Rodney the Heap

photo by Ed February

by Andy de Klerk

And so there we were. Again! Ed [February] and I in the middle of a minor epic without even realising it. The blizzard had finally become so bad that we couldn’t continue any further: snowdrifts piled high around us, and thick heavy snow braided everything together into a white crystal sheet. Night was fast approaching, and it looked like a bivvy was inevitable. Ed peered into the gloom as the last of the heat around us vanished and said: “Mmm, I feel a nip in the air. It reminds me of Pearl Harbour.”

We weren’t on Everest or the Alps, although some of that would come later, nor were we anywhere remotely close to the mountains. Instead, there we sat inside our car, half drifted over, in the middle of the M1 motorway somewhere in the flat farmlands of Sussex, 100 miles from London. Unbeknown to us, we had entered the UK in the middle of the worst winter storm to hit the island in half a century – 500-year-old oak trees had lain uprooted on the side of the highway, but how were we to know anything was amiss? This was our first visit to the British Isles and we spent that first night in an English jail.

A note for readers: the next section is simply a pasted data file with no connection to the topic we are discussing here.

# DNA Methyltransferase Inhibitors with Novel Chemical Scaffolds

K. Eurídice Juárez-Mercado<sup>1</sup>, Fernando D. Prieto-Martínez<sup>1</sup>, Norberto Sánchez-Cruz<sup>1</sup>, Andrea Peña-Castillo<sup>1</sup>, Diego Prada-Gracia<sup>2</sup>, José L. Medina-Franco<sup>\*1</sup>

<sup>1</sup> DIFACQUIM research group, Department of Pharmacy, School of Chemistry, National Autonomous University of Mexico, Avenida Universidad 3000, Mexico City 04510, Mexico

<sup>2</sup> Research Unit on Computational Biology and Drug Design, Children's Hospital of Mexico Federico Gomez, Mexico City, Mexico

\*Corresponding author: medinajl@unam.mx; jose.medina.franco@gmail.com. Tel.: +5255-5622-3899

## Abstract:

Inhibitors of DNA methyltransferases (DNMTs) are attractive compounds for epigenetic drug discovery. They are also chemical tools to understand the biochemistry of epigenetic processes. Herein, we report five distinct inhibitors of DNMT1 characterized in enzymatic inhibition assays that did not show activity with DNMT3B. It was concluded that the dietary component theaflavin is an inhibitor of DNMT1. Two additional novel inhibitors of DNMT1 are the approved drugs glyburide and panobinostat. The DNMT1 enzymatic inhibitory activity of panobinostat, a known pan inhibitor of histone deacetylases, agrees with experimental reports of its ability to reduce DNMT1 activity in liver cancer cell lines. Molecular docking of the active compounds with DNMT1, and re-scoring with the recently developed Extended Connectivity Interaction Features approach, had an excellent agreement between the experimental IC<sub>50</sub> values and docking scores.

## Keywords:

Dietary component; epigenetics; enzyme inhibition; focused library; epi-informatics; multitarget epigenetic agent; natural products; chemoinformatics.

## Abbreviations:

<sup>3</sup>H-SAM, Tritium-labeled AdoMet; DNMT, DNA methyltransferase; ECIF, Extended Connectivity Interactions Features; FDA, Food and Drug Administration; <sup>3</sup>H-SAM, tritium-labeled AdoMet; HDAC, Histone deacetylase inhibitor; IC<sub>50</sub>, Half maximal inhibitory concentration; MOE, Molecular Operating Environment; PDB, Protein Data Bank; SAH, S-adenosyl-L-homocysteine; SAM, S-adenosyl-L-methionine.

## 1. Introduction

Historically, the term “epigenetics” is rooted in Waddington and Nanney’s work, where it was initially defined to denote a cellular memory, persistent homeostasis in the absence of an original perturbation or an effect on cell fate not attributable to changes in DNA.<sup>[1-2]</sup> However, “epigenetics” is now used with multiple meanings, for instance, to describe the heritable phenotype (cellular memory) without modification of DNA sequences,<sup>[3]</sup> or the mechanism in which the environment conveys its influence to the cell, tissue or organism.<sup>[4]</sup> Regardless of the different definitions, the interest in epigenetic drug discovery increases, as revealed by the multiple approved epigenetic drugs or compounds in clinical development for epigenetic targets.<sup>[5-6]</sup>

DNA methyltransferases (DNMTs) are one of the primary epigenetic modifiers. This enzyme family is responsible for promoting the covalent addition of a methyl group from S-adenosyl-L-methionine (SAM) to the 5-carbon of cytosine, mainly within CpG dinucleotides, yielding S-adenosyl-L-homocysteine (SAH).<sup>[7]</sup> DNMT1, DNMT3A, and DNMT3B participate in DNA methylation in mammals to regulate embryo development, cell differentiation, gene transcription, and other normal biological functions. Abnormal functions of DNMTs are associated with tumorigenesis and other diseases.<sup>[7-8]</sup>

Ed was curled up on the front seat in his sleeping bag with a cup of tea when a gloved hand wiped drifted snow from the window. “I’m sorry sirs, but you can’t stay here, you’ll have to come with me.” Ed offered the copper some tea, which he politely declined. We were then pulled out of the snowdrift sideways by an army Landrover and driven to the nearest village where we spent the night in the nick along with a salesman, a prostitute and a thief, none of whom were on their way to Llanberis Pass to climb Cenotaph Corner or Left Wall. The cell doors were left open that night, and all of us, I’m sure, were only too happy to leave the next morning.

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